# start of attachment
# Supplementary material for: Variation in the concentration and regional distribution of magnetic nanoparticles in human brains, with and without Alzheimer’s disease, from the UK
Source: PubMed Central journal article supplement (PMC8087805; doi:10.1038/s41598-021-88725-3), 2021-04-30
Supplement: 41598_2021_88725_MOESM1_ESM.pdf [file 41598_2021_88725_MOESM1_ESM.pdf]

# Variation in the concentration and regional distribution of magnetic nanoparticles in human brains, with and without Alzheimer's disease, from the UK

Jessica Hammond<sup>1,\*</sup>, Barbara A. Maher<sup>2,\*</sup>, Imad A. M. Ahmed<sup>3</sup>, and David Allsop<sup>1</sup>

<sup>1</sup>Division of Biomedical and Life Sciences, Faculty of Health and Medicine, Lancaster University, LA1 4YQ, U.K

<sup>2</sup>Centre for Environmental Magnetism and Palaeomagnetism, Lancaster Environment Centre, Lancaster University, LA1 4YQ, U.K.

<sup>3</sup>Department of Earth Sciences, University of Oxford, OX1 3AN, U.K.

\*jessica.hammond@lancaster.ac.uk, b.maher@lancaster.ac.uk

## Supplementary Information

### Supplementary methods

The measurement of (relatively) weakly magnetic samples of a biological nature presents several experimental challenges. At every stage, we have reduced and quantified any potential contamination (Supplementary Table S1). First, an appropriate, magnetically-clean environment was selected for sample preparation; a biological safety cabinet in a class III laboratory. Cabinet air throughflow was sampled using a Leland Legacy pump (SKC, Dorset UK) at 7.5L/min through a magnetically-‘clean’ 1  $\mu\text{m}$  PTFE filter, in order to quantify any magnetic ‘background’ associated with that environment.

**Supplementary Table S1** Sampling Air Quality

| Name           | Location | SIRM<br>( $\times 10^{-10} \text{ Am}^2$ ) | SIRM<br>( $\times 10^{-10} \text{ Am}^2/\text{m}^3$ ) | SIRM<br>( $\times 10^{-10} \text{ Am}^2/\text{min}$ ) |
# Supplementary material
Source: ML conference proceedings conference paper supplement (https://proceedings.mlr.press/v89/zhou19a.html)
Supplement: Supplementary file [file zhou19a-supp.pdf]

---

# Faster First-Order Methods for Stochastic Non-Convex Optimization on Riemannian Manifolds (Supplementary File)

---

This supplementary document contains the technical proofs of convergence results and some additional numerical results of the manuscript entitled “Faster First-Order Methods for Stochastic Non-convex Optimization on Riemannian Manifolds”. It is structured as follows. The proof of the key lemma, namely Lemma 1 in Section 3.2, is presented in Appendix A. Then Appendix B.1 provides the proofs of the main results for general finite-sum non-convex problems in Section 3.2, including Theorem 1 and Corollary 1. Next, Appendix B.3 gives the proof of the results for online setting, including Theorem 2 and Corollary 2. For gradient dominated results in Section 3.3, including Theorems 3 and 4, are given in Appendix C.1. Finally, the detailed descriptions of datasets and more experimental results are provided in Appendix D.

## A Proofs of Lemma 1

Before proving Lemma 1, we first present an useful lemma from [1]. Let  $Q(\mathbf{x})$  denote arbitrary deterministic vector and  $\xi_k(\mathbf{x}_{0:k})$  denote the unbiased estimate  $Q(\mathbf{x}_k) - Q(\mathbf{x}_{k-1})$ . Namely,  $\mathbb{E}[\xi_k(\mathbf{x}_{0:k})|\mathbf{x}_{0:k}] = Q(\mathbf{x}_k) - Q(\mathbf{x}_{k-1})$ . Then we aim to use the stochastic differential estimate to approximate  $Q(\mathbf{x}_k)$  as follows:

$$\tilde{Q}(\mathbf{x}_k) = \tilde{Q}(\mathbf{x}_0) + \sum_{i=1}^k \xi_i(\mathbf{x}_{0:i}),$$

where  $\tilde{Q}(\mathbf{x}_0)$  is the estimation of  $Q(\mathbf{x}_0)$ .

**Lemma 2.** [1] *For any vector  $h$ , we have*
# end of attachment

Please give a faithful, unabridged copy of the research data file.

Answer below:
# Supplementary material for: Variation in the concentration and regional distribution of magnetic nanoparticles in human brains, with and without Alzheimer’s disease, from the UK
Source: PubMed Central journal article supplement (PMC8087805; doi:10.1038/s41598-021-88725-3), 2021-04-30
Supplement: 41598_2021_88725_MOESM1_ESM.pdf [file 41598_2021_88725_MOESM1_ESM.pdf]

# Variation in the concentration and regional distribution of magnetic nanoparticles in human brains, with and without Alzheimer's disease, from the UK

Jessica Hammond<sup>1,\*</sup>, Barbara A. Maher<sup>2,\*</sup>, Imad A. M. Ahmed<sup>3</sup>, and David Allsop<sup>1</sup>

<sup>1</sup>Division of Biomedical and Life Sciences, Faculty of Health and Medicine, Lancaster University, LA1 4YQ, U.K

<sup>2</sup>Centre for Environmental Magnetism and Palaeomagnetism, Lancaster Environment Centre, Lancaster University, LA1 4YQ, U.K.

<sup>3</sup>Department of Earth Sciences, University of Oxford, OX1 3AN, U.K.

\*jessica.hammond@lancaster.ac.uk, b.maher@lancaster.ac.uk

## Supplementary Information

### Supplementary methods

The measurement of (relatively) weakly magnetic samples of a biological nature presents several experimental challenges. At every stage, we have reduced and quantified any potential contamination (Supplementary Table S1). First, an appropriate, magnetically-clean environment was selected for sample preparation; a biological safety cabinet in a class III laboratory. Cabinet air throughflow was sampled using a Leland Legacy pump (SKC, Dorset UK) at 7.5L/min through a magnetically-‘clean’ 1  $\mu\text{m}$  PTFE filter, in order to quantify any magnetic ‘background’ associated with that environment.

**Supplementary Table S1** Sampling Air Quality

| Name           | Location | SIRM<br>( $\times 10^{-10} \text{ Am}^2$ ) | SIRM<br>( $\times 10^{-10} \text{ Am}^2/\text{m}^3$ ) | SIRM<br>( $\times 10^{-10} \text{ Am}^2/\text{min}$ ) |
# Supplementary material
Source: ML conference proceedings conference paper supplement (https://proceedings.mlr.press/v89/zhou19a.html)
Supplement: Supplementary file [file zhou19a-supp.pdf]

---

# Faster First-Order Methods for Stochastic Non-Convex Optimization on Riemannian Manifolds (Supplementary File)

---

This supplementary document contains the technical proofs of convergence results and some additional numerical results of the manuscript entitled “Faster First-Order Methods for Stochastic Non-convex Optimization on Riemannian Manifolds”. It is structured as follows. The proof of the key lemma, namely Lemma 1 in Section 3.2, is presented in Appendix A. Then Appendix B.1 provides the proofs of the main results for general finite-sum non-convex problems in Section 3.2, including Theorem 1 and Corollary 1. Next, Appendix B.3 gives the proof of the results for online setting, including Theorem 2 and Corollary 2. For gradient dominated results in Section 3.3, including Theorems 3 and 4, are given in Appendix C.1. Finally, the detailed descriptions of datasets and more experimental results are provided in Appendix D.

## A Proofs of Lemma 1

Before proving Lemma 1, we first present an useful lemma from [1]. Let  $Q(\mathbf{x})$  denote arbitrary deterministic vector and  $\xi_k(\mathbf{x}_{0:k})$  denote the unbiased estimate  $Q(\mathbf{x}_k) - Q(\mathbf{x}_{k-1})$ . Namely,  $\mathbb{E}[\xi_k(\mathbf{x}_{0:k})|\mathbf{x}_{0:k}] = Q(\mathbf{x}_k) - Q(\mathbf{x}_{k-1})$ . Then we aim to use the stochastic differential estimate to approximate  $Q(\mathbf{x}_k)$  as follows:

$$\tilde{Q}(\mathbf{x}_k) = \tilde{Q}(\mathbf{x}_0) + \sum_{i=1}^k \xi_i(\mathbf{x}_{0:i}),$$

where  $\tilde{Q}(\mathbf{x}_0)$  is the estimation of  $Q(\mathbf{x}_0)$ .

**Lemma 2.** [1] *For any vector  $h$ , we have*